By Chris Stone
The death of Navy Capt. Jack Evans earlier this year was one of the most “heart-wrenching” experiences of Stuart Hedley’s life. Both Pearl Harbor survivors, the two shared a bond.
In remembrance of Evans, whom he called a “wonderful, wonderful man,” Hedley wears his late friend’s bolo tie daily.
But his death had broader implications than cutting short a friendship. It brought an end to what is thought to be the last active chapter of the national Pearl Harbor Survivors Association, which closed as a corporate entity in 2011.With a simple “mahalo,” a Hawaiian sign of gratitude, the 97-year-old retired Navy chief petty officer on Saturday brought an end to the final meeting of the association’s Carnation Chapter 3 in La Mesa.
He said that without a vice president, the post Evans held, bylaws say the group must disband.
“I regret that we have to discontinue our chapter because we do not have sufficient survivors to maintain,” said Hedley, its president. “As was already stated, we are a dying organization. We are done. Mahalo.”
Once thought to be the nation’s largest Pearl Harbor survivors group with 586 members, the San Diego group now has 61 people associated with it, including spouses and honorary members. Chapter 3 started Sept. 4, 1963, with 314 members.
In the San Diego area, seven survivors of the Japanese attack on Dec. 7, 1941, are still alive — but only two were ambulatory enough to attend.
Story continues below
The gathering in a La Mesa meeting hall of the Church of Jesus Christ of Latter-day Saints honored Hedley and Clayton Schenkelberg, 101, of San Carlos. They celebrated the 61st anniversary of the national association and the birthdays of the two survivors, who turn a year older in October.
“These individuals are true American heroes,” said Scott Herrod of the La Mesa church. “You have taught our generation and all generations to come life’s lessons on how to live, what it means to love others and to be American.”
With a Hawaiian theme – from food to attire to dance — the association meeting included a pork dinner, a hula dance, patriotic songs and the final official business of the chapter.
But that doesn’t mean the group will disappear. Regular meetings are done, but they plan to meet informally at a restaurant in November and will continue their faithfulness to the remembrance of the horrific surprise attack that killed 2,467 at the dawn of World War II — placing wreaths on Dec. 7.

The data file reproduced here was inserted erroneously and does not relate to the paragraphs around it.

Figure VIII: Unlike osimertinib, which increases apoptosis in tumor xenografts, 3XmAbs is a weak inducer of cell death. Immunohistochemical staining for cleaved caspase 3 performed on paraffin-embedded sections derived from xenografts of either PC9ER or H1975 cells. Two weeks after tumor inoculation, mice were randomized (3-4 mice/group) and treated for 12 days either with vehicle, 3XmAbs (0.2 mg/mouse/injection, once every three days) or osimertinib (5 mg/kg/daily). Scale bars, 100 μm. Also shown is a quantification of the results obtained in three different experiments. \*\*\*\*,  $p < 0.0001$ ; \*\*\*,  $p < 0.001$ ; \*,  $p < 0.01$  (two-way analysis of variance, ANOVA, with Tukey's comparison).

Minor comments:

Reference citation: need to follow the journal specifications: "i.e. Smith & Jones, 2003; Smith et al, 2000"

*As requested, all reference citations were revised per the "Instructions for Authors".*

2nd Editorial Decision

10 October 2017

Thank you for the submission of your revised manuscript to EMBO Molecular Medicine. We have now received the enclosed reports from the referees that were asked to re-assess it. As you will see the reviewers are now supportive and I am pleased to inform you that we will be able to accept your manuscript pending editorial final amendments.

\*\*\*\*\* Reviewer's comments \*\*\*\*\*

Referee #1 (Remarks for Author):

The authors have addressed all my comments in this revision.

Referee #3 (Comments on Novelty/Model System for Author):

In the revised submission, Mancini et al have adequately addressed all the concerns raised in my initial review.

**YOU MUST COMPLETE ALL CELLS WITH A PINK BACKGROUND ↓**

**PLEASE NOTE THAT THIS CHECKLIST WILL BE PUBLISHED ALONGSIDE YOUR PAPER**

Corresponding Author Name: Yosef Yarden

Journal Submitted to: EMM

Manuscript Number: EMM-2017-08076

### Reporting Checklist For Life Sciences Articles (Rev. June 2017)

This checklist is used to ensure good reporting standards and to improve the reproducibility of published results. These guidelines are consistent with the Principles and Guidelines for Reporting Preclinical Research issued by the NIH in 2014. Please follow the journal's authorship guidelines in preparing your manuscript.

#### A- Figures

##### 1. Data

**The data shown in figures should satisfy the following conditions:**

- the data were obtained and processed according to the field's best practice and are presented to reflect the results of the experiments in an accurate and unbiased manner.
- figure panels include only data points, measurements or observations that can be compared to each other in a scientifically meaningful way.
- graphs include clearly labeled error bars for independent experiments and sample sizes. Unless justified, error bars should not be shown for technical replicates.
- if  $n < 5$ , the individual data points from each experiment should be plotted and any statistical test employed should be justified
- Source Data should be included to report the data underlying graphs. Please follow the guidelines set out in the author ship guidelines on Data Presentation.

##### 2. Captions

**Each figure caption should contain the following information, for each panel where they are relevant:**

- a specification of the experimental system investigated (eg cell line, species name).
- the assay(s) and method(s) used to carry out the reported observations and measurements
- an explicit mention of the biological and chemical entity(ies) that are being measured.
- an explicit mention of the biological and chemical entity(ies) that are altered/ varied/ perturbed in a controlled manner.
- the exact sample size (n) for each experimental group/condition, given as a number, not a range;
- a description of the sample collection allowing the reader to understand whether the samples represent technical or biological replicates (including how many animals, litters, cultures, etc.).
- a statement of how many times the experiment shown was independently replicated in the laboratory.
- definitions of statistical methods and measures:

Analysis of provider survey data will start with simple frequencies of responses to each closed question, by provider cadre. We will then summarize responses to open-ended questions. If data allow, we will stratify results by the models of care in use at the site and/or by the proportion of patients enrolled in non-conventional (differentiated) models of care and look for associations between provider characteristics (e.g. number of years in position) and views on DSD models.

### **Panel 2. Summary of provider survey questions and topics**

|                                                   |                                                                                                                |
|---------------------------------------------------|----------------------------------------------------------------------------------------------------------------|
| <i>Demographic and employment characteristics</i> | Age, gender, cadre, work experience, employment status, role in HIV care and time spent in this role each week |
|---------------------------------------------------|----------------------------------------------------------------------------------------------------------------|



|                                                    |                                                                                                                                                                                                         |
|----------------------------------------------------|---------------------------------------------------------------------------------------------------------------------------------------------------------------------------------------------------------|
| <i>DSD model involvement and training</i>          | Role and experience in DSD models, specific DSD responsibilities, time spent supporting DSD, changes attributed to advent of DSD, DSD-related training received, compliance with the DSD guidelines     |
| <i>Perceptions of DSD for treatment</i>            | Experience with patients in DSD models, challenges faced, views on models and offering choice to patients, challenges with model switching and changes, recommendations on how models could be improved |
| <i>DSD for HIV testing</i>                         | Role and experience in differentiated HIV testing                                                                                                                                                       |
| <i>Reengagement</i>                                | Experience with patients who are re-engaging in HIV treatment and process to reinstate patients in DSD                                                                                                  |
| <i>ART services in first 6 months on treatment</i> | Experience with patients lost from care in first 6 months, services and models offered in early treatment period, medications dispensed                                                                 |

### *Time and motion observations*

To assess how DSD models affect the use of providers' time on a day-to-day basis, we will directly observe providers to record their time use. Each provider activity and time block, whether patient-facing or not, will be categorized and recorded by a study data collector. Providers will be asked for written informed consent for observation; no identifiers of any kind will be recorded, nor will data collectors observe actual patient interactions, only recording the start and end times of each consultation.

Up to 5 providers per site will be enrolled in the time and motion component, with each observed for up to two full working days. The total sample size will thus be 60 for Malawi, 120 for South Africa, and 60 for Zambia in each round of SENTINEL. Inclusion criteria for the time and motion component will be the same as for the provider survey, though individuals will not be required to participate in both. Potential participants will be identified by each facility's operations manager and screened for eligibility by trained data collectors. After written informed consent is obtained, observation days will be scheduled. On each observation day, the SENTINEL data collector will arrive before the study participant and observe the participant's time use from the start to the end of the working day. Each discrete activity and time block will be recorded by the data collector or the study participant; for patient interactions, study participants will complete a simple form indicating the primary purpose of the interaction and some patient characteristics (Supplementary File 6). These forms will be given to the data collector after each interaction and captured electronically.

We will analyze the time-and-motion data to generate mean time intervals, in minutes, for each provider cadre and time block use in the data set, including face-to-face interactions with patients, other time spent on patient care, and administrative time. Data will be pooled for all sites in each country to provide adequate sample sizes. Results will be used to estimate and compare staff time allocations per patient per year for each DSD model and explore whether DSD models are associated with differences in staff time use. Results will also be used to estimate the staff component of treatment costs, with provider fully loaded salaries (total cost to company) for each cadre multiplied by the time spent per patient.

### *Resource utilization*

“My whole emphasis now is to keep us together as a friendly group,” said Hedley, who joined the association in 1984.
Asked what the group meant to him, Hedley said, “It has fulfilled a desire in my heart to remember the oath of office that I took in 1940 to defend this country against all enemies foreign and domestic. We got more enemies inside our country than we got out.”
About the chapter ending, he said, “It’s tough. However, I am going to continue as long as I got breath speaking at high schools, organizations.”
And he has his sights set on returning to Hawaii in 2021 for he 80th anniversary of the attack if he is healthy enough to make the trip.
Hedley has been asked to be the grand marshal at a National City parade in November, and he repeatedly said he remains available to speak to groups.
Asked what the association has meant to him, Schenkelberg said, “Friends like Stu.” They have been friends many years.
Schenkelberg, who served 27 years in the Navy, said he tried to come to as many meetings as possible.
The members made him feel that they were proud of him, he said.
Meetings have been “a place for him to come and meet his friends and share an experience that very few people had,” said Patrick Schenkelberg, his son. “You hear stories that you are never going to hear anywhere else.”His love and admiration for his father quite evident, Patrick said the greatest compliment people pay him is when they say he is like his father.
“It doesn’t get any better than that,” the son said through tears.
Schenkelberg’s granddaughter Kayla joined in.
“He’s one of the most genuine men who I have ever met,” she said. “He’s always been there for the family. He’s there for everyone he meets. He cares about everyone so much.”
In addition to his military service, Schenkelberg spent 20 years working at San Diego city schools.
“Major media doesn’t focus on the living history that have slowly been disappearing. They are living history,” Kayla said.
“It should be recognized nationwide that these are the heroes who kept this country [safe],” the granddaughter continued. “There needs to be more appreciation for the survivors. This is beautiful. I want more people to know who my grandfather is.”
Schenkelberg told NBC San Diego in 2016 that he rushed to move explosives away from people after hearing the bombs going off over the Navy yard.
Japanese pilots flew so close to the barracks he could see a pilot smile, Shenkelberg reported.
Task and Purpose recounted in 2016 that after the USS West Virginia was hit by a torpedo, Seaman 1st Class Hedley escaped by running along one of the main guns, jumping onto the USS Tennessee nearby, and then into the water, which was engulfed in flames.
“He came up for air twice, and each time he thought the fire would scorch his lungs, but it didn’t. Eventually, Hedley made it to shore, but as many as 100 of his fellow crewmates died that day,” said the report.
Seventy-eight years later, Hedley ended his remarks with an emotional call.
“America is asleep. Most people in this country don’t know what is going on,” he said.
“Our motto should be in the heart of every American: Remember Pearl Harbor. Keep America alert.”
>> Subscribe to Times of San Diego’s free daily email newsletter! Click hereFollow Us: